"You can change speeds faster with digital" is a Shibboleth: and most times, inaccurate. And "pros" like my own retired self, could change film (for whatever reason) in 8-10 seconds, (more if the camera was sheet film or did not read Bar codes), but who in hell does that anymore other than hobbyists, to whom "time" is more or less philosophical, especially since they got up at 4AMto catch a 5:19AM sunrise?)

Some full manual operation cameras are a pain to change ISO speeds, but a truly "learned" shooter knew precisely what conditions they would be shootingin the first place and had prpared for the eventuality.

None (not any, not one) of my digital SLRs are in anyway faster to change ISO speeds in that unless you can select ISO speed with a wheel under your thumb, you're up sheet creek.

Maybe you can with a $7,000+ Canikon "Robocamera", but seeing as how 99.9999% of all digital cameras cannot change speed without enteringa MENU, then selecting speeds, the "change ISO" Championship goes to (barcode reading film cameras) by default.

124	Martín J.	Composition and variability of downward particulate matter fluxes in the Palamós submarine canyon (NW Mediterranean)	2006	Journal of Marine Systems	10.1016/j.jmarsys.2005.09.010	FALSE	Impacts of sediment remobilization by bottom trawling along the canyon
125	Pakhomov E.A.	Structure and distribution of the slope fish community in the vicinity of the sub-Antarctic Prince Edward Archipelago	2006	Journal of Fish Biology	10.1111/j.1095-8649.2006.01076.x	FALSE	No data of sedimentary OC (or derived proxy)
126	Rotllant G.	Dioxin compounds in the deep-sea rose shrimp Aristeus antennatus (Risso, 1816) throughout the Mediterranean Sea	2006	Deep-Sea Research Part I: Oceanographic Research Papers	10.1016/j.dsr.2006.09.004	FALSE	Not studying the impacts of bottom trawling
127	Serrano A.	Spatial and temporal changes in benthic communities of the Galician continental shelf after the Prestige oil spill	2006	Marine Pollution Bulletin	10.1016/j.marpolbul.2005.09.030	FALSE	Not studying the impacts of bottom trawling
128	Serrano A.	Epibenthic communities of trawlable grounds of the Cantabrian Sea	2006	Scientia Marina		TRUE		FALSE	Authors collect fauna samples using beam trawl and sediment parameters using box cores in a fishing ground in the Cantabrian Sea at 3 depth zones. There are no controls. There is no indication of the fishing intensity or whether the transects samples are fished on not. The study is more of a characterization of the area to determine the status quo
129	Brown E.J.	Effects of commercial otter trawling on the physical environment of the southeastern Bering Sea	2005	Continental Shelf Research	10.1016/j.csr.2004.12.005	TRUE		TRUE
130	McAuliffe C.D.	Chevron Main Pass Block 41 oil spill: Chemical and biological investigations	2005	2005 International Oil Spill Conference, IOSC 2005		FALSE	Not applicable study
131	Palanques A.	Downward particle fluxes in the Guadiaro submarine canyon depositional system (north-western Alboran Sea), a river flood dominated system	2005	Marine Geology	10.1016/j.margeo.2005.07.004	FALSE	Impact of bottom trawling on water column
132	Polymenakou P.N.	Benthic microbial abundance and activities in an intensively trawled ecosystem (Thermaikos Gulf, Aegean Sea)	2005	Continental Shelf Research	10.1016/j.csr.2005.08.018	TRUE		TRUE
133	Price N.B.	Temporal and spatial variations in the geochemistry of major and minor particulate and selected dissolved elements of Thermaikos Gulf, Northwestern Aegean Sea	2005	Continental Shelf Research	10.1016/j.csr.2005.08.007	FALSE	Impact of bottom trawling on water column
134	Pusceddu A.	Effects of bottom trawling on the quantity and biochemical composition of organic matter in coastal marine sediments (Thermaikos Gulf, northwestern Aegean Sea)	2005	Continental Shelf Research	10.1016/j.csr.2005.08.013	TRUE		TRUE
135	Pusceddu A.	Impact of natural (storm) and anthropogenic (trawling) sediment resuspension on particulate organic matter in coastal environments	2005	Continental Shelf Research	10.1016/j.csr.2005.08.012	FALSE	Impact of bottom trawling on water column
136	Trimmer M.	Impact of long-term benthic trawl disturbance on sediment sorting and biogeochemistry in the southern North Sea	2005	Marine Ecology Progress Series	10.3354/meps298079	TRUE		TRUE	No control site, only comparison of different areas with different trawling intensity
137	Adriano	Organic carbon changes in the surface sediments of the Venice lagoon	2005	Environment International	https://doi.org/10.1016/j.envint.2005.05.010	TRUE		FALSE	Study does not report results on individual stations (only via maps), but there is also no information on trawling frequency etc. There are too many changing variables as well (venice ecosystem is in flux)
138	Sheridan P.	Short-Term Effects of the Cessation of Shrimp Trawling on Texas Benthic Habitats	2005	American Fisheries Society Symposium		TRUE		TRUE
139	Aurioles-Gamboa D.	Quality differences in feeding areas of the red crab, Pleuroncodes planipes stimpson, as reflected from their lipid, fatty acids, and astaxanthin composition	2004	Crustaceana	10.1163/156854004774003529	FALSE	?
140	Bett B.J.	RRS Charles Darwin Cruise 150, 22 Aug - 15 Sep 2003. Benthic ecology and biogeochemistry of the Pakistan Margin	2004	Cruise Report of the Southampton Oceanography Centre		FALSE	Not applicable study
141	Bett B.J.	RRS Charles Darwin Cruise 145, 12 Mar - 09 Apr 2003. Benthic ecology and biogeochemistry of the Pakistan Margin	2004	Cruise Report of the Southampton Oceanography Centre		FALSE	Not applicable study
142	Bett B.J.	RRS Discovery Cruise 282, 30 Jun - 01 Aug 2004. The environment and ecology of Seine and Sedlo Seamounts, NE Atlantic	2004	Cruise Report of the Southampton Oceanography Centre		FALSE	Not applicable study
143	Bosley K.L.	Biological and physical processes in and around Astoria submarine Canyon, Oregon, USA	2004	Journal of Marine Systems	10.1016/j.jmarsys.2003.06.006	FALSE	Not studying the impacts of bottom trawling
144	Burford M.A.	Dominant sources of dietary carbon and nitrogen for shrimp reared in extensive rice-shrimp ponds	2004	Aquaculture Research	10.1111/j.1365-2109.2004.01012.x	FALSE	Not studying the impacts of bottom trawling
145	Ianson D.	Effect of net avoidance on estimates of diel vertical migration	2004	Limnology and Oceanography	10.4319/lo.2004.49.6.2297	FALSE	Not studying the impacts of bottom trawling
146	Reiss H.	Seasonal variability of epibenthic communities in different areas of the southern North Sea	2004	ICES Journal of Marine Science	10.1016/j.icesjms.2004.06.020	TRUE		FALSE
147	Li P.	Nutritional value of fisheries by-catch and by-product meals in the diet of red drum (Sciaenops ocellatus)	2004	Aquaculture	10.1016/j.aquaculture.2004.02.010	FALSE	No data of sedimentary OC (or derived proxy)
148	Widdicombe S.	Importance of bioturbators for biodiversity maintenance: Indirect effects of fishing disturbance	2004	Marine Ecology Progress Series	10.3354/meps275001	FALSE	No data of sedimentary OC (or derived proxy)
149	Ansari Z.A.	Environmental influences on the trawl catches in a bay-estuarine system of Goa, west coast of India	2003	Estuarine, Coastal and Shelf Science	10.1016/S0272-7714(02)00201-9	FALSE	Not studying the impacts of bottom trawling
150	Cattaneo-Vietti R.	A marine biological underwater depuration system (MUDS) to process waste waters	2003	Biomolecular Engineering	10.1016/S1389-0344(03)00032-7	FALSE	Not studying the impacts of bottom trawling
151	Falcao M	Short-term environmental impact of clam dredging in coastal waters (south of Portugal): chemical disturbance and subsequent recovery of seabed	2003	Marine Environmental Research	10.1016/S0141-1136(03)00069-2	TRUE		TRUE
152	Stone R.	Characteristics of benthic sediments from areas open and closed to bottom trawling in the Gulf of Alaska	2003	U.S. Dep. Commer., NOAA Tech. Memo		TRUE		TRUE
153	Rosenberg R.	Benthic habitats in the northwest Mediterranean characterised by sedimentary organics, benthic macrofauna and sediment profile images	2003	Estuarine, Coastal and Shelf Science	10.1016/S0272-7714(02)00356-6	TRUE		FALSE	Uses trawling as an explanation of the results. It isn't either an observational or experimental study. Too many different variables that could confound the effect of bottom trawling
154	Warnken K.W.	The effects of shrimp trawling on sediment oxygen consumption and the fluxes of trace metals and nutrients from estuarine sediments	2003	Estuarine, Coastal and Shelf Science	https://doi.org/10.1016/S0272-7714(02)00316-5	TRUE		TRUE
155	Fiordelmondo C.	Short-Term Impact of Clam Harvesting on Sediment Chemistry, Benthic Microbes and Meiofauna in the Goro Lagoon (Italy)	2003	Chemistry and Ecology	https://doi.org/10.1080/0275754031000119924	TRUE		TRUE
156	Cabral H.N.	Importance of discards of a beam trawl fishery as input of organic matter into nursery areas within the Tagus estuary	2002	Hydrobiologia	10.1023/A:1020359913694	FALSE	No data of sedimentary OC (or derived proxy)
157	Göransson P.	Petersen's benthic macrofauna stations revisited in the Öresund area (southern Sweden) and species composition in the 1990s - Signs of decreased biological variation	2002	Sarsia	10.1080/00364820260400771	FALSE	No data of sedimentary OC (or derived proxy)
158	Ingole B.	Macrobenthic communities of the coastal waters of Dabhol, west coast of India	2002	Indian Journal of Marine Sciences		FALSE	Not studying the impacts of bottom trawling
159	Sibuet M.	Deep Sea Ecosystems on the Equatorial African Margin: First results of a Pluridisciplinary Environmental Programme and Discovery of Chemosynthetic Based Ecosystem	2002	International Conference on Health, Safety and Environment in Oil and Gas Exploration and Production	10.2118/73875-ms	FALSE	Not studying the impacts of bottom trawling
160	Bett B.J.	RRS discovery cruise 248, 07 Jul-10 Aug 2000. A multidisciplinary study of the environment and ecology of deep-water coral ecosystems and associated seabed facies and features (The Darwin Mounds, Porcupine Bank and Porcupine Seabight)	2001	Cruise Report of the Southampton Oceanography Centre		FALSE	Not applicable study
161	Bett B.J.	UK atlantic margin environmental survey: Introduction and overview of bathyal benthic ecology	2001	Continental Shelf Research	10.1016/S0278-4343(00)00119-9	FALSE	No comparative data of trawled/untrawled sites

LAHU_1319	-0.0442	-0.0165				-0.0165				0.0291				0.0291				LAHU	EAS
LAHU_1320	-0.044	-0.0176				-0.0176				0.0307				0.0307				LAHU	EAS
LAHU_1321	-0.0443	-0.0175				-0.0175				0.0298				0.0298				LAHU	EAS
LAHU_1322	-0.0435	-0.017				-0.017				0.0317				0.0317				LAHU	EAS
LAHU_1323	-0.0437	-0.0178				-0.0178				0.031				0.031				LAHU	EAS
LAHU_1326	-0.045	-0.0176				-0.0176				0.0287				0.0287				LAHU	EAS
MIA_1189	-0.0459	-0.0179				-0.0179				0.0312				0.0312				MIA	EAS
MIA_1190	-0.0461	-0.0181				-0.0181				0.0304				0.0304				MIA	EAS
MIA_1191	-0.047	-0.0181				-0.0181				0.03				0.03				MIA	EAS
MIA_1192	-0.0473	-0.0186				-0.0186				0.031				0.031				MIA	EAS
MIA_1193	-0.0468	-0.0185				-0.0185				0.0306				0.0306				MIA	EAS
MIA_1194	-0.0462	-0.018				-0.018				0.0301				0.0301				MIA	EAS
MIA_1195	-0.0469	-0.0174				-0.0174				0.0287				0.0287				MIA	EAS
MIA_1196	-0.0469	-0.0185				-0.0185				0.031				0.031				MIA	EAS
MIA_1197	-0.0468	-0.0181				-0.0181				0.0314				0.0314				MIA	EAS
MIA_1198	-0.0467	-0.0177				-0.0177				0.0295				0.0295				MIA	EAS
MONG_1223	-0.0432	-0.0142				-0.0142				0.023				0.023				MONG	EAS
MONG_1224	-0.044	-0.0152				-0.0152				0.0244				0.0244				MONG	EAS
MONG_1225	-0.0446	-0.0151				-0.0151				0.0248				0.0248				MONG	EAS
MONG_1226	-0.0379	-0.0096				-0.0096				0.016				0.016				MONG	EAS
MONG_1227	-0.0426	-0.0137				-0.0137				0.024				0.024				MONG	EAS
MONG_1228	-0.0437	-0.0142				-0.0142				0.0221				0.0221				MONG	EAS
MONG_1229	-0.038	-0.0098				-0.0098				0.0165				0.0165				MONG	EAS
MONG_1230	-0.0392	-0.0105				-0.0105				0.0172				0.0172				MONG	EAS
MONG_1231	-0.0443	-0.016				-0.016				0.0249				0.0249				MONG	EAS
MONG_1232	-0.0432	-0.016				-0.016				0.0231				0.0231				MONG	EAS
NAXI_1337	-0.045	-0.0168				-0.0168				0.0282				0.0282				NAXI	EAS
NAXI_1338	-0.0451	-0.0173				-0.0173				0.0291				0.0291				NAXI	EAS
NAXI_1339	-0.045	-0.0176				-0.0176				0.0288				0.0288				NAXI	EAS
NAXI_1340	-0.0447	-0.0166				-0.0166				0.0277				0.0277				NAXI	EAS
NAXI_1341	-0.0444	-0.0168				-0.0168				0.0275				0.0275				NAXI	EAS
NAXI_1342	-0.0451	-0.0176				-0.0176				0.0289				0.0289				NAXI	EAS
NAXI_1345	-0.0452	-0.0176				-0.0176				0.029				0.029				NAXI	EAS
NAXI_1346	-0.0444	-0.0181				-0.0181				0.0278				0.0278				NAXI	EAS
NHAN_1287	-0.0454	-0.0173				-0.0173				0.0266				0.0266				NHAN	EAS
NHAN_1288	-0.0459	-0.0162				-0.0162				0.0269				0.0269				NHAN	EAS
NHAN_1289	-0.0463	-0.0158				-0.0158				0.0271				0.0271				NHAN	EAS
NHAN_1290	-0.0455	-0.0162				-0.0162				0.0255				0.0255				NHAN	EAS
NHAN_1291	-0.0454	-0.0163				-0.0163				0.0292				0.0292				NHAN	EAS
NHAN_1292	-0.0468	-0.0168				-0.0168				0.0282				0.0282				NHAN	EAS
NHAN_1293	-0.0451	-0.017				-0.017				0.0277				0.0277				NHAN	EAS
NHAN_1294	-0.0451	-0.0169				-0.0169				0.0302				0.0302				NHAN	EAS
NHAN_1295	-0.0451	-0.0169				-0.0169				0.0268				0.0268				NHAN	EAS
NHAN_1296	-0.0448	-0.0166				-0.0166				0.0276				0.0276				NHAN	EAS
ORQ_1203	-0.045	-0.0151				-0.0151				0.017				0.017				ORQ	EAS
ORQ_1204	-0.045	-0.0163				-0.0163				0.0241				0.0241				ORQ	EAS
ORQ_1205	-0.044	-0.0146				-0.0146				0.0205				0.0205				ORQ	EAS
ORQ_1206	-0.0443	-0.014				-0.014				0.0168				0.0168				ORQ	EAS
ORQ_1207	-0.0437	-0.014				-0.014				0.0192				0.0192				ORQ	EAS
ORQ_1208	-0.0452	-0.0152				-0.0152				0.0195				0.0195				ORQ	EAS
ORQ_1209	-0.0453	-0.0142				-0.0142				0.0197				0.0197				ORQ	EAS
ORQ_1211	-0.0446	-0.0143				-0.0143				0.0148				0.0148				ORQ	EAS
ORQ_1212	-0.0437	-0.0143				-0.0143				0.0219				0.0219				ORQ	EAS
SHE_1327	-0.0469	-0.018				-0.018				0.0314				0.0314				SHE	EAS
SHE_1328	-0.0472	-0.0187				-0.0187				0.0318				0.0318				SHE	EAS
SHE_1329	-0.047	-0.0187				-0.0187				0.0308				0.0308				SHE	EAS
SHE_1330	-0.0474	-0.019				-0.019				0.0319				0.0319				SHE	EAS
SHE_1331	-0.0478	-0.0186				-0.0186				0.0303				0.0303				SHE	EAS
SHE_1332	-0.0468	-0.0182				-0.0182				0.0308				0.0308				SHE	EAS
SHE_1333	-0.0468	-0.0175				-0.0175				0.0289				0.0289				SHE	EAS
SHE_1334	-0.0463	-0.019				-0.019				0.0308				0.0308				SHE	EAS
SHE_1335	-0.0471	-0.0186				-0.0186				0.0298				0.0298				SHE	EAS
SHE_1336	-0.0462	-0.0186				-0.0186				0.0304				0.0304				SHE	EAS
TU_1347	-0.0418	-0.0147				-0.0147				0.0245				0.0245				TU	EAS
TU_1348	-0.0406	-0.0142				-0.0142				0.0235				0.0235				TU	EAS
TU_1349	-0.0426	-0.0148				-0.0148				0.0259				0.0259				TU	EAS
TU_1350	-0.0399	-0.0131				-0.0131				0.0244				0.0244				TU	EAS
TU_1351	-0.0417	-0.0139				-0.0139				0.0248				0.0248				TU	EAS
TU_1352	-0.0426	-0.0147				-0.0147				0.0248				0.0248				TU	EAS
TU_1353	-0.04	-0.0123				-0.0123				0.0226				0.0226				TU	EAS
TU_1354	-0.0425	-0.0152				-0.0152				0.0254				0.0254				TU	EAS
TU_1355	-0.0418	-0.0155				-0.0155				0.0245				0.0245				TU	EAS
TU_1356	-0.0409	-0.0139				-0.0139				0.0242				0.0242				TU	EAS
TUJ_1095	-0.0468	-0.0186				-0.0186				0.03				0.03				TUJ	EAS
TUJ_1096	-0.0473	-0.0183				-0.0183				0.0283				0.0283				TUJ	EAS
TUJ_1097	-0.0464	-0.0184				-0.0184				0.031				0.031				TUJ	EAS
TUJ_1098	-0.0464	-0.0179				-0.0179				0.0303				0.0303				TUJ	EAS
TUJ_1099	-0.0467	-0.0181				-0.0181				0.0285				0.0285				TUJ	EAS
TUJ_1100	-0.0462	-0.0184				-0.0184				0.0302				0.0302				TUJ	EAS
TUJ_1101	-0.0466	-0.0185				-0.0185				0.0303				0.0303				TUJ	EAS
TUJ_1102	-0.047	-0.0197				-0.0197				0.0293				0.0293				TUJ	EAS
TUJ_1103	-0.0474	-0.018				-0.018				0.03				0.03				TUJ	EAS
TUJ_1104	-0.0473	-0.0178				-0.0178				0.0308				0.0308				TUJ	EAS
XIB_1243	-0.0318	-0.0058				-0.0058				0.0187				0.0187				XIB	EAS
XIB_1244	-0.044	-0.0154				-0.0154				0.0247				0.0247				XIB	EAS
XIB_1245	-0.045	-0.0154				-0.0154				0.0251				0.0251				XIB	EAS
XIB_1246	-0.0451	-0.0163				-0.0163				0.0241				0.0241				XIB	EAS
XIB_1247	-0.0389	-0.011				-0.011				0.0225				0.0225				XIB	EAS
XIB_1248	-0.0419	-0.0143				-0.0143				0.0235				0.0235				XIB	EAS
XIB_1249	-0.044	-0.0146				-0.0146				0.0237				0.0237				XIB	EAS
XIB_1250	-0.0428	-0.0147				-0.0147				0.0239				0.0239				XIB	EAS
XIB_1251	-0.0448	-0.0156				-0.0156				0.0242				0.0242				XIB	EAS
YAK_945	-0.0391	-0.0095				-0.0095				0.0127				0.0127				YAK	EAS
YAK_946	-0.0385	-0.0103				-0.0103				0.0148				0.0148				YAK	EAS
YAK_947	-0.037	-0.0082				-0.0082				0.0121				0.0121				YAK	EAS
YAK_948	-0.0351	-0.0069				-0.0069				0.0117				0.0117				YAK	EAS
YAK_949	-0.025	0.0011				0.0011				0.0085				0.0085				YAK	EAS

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Old Mar 26, 2007, 4:25 PM   #20
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I use both.

To to be frank, the *only* reason I use both is so that I have multiple camera bodies available to me when I'm shooting something that I want to make *sure* I'm going to have some keepers with (since I don't own multiple DSLR bodies yet). :-) It's faster to change camera bodies than it is lenses if you're shooting in conditions requiring more than one lens, too.

In some cases, Dynamic Range can be a bit better with film in the shadow and mid range areas. But, I don't even concede that most color negative film is better for highlights with the same exposure for both. I've seen too many cases when I've used both film and digital in the same conditions when digital handled retention of highlights *better* than a typical contrasty type consumer grade film (i.e. ISO 400 Kodak stuff, including the newer "Digital 400" film, as well as higher ISO speed Fuji Superia X-Tra).

Of course, that's going to vary by digital camera and by film type (some films are going to have a lot of contrast, and some are going to be relatively flat).

But, given the ease of shooting *loads and loads* of images on an inexpensive memory card with immediate feedback to help you adjust your settings, without the development and processing cost of film, Digital is just a much better way to go from my perspective.